I still discover things the hard way, and sometimes I document them here. But as I do so, I realize I really should be setting up some way to gather data on all the useful things I've learned, both good and bad, over the past forty years. I bang my head against the wall trying to remember what I wanted to say last week...how the hell am I supposed to know where and when and why I bought something that's been sitting in my Master Storage for the past 20 years?

What's even worse is that I KNOW how to use pretty much everything in there...or...I did when I PUT it in there. I've had a few professions, from locksmith to paramedic, and my Master Storage definitely reflects this. But am I REALLY going to be able to tell a Weslock from a Kwikset in a crisis? Or remember what the Arrow keyhead looks like? -- I can tell you from personal experience that the answer to that, is no (I am/was a journeyman locksmith, and I totally bombed an interview because I couldn't remember half of the keyways they showed me pictures of, even though I KNEW them because I had WORKED on them...a decade prior).

But it really was today when I realized that I REALLY should be collecting my OWN data on my OWN preps. Because, as from the lighter thread, I learned the hard way that butane lighters stored don't last 10 years in my master storage. Is that because of the humidity? Or the heat/cold, or another factor I don't know? Perhaps, but what data I NEED to collect is just how long they DO last. For ME.

Just like you should be at least considering some kind of data collection on your own preps. Whether it's a notebook of dates/times/locations with a LARGE notes section for each item, or a computer database (again, with a LARGE notes section -- I cannot stress this enough - Notes can encompass everything from detailed descriptions of how something went bad to simply saying, "This is the biggest piece of whale shit ever to be shat in the Pacific and I will tie my tongue to my bumper and have my friend drag me 80mph NAKED across a field of broken glass before I ever buy another!"

Notes are also INCREDIBLY useful for making note of when you move something. Each time you move an item, make a note. For two reasons: 1) So you can find the damn thing, and 2) If it goes bad prematurely, now you have a "paper trail" with a timeline so you can see if any particular storage condition could have contributed to its failure.

Making note of occurrences TO your preps is just as important as making notes OF your preps.

So yeah, BIG "Notes" field. I'm gonna pound this concept a little, fair warning.

What should you be tracking?

Well, of course, the obvious: WHAT you bought, WHEN you bought it.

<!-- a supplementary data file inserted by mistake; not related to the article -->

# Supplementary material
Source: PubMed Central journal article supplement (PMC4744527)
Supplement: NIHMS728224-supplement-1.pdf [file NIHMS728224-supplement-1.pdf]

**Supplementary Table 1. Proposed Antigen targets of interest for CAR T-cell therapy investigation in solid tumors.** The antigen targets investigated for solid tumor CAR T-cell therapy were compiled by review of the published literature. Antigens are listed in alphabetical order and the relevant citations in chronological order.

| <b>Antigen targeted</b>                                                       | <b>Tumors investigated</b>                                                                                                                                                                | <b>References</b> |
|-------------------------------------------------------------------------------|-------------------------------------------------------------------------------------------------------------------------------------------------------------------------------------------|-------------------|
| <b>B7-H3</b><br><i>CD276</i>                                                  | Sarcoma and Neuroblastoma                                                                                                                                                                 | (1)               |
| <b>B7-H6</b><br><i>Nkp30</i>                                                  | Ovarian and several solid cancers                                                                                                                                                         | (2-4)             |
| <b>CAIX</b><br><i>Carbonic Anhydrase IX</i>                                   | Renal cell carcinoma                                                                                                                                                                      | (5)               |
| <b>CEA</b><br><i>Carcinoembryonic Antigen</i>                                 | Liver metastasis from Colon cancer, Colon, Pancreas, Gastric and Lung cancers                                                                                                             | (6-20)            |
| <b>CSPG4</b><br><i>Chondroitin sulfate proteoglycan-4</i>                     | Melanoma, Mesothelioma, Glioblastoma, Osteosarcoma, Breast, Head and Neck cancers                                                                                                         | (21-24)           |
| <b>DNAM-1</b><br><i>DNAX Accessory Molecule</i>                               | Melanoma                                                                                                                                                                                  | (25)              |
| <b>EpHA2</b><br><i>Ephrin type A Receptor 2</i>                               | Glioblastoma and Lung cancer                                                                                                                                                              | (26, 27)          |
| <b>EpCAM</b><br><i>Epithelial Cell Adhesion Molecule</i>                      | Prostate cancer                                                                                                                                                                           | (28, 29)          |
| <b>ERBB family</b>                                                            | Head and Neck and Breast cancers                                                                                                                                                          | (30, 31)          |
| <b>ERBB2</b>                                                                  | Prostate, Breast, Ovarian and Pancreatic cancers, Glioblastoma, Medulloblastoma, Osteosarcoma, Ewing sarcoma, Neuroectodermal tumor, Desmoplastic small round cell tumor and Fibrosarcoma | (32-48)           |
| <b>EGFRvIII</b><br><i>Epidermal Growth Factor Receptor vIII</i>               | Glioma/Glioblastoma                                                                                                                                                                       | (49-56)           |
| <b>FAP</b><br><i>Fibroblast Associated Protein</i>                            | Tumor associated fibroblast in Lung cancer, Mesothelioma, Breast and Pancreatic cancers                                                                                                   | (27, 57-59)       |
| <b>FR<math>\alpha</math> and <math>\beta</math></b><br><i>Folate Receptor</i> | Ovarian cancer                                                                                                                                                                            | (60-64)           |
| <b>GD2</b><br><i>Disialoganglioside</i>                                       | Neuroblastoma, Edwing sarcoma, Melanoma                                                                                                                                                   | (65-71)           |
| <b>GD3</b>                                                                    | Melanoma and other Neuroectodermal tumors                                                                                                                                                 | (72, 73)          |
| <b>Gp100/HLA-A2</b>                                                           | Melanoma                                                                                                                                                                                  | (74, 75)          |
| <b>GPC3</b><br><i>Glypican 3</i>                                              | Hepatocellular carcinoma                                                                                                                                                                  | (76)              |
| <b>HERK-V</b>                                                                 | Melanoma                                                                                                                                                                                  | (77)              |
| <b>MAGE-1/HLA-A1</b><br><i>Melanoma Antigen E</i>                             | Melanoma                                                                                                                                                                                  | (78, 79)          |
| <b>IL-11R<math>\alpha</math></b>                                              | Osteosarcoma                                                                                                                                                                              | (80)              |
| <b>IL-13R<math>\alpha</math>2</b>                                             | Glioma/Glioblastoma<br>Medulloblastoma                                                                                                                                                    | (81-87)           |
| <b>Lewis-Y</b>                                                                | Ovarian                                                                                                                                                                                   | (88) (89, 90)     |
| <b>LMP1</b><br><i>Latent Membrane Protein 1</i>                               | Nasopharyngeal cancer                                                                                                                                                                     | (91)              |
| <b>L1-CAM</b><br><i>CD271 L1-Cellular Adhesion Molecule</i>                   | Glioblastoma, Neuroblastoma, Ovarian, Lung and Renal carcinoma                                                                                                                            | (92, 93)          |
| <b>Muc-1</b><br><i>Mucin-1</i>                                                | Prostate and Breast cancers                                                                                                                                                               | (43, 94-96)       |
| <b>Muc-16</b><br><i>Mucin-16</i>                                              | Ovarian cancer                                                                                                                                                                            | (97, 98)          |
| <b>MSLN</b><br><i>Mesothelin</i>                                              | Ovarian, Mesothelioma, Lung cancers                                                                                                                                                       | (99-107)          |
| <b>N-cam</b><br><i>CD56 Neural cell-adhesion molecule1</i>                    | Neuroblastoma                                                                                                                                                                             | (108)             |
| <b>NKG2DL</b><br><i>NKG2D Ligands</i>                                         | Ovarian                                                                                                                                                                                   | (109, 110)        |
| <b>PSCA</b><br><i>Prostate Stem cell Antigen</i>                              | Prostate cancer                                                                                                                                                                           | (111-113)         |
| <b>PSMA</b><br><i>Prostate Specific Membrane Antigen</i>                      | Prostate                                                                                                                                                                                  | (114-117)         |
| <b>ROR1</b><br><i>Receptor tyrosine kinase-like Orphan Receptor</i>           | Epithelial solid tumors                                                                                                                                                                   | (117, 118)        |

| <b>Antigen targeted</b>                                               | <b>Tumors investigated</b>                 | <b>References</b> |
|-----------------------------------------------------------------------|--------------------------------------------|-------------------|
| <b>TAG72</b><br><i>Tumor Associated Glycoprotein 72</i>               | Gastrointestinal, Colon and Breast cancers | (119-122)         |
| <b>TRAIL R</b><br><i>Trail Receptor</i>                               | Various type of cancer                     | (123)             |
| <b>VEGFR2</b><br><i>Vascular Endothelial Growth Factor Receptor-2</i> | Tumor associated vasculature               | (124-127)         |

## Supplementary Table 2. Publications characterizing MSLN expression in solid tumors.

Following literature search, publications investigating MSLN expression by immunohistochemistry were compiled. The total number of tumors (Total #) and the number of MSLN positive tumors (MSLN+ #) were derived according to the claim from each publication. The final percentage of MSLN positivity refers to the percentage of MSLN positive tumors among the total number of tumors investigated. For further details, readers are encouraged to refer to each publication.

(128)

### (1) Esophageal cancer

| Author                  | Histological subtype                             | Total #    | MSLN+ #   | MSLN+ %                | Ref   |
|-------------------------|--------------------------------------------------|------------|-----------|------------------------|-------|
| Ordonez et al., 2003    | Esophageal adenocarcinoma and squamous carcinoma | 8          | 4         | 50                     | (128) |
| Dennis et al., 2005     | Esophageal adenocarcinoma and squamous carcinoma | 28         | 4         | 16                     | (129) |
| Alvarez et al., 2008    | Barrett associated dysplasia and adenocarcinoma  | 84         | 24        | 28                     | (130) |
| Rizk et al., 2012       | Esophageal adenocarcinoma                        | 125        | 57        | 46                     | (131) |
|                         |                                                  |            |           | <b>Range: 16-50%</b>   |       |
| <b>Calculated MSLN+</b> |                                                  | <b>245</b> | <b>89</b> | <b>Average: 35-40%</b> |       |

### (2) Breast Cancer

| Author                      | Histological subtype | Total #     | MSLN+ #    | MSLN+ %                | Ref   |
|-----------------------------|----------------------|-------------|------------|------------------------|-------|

Then, the useful: WHERE you put it. HOW you packed it.

Then, the hopeful: HOW LONG you expect it to last. WHEN you will check/rotate it.

Then, the numerical: How much did it cost? How much will it cost to replace?

Then, the tracking: How much does it cost now? Can you still get it? How long did it actually last vs. expectations? Did you use it before it expired? Why or why not?

Then, conclusions: Would you buy this item in this quantity again? Why or why not?

Keep a running commentary of ALL of the above for each of your items. You don't have to go into great detail. All of the above can theoretically encompass half a sheet of college-rule paper (so you can leave the bottom half and the entire back for Notes.) or it could take up some serious database space.

Bottom line: It's YOUR stuff. Make sure your stuff correlates with YOUR data. Because "knowing is half the battle."

The other half is actually using that knowledge, that data, to your advantage.

And this way, you're not relying on anyone ELSE's data, no matter how much you trust them, their prepping and storage conditions are NOT yours - so either you have to factor in a "fudge factor" to adjust for the differences, or you can accumulate your OWN data and be much more accurate, efficient, and most importantly, COST EFFECTIVE.

I had to throw out stuff because I didn't track it properly. Because I didn't have a "notes" section to say things like, "Expiration date was this but it sure as hell didn't last that long." And "Still kinda worked even after expiration." And little highlights like, "Had to throw out over half my supply because I didn't use it in the last decade like I thought I would."

YOUR data. YOUR life.

I HIGHLY recommend that, no matter WHERE YOU ARE in your prepping journey, you start logging your stuff so you can collect your OWN RELEVANT DATA.

And remember, have a LARGE notes section.

Juuust sayin'.

Lesson ends.


As a rule, I try very hard not to buy food we don't already eat.
I'll try new things, especially if the price is right, but I don't go overboard and buy a case until and unless I *know* we'll eat it.

Otherwise, it's wasted $$ and storage space.

Very timely! I was just going through my earthquake kit this morning and removing items to eat now and replacing them with younger items. I should really be doing this more frequently. I may decide some of them aren't worth eating. I also need to get a formal first aid kit for the earthquake kit, so I will have the basics if I need to grab it and go. I'll admit I don't track the stuff in the earthquake kit.

What I do track is seeds. I spent part of the morning today going through my seeds, getting rid of those over five years old, or three if it's parsnips, and making lists of what I have and what I need to buy. Not much I need to buy, actually... just daikon radishes for this spring, because I want to try them against my smaller white radishes. All that seed-saving is paying off. Making the lists also let me know what I have in the way of home-grown seed that is vastly excess and could be donated. One of the little free libraries locally carries seeds, so I stick my extras there. They disappear fast.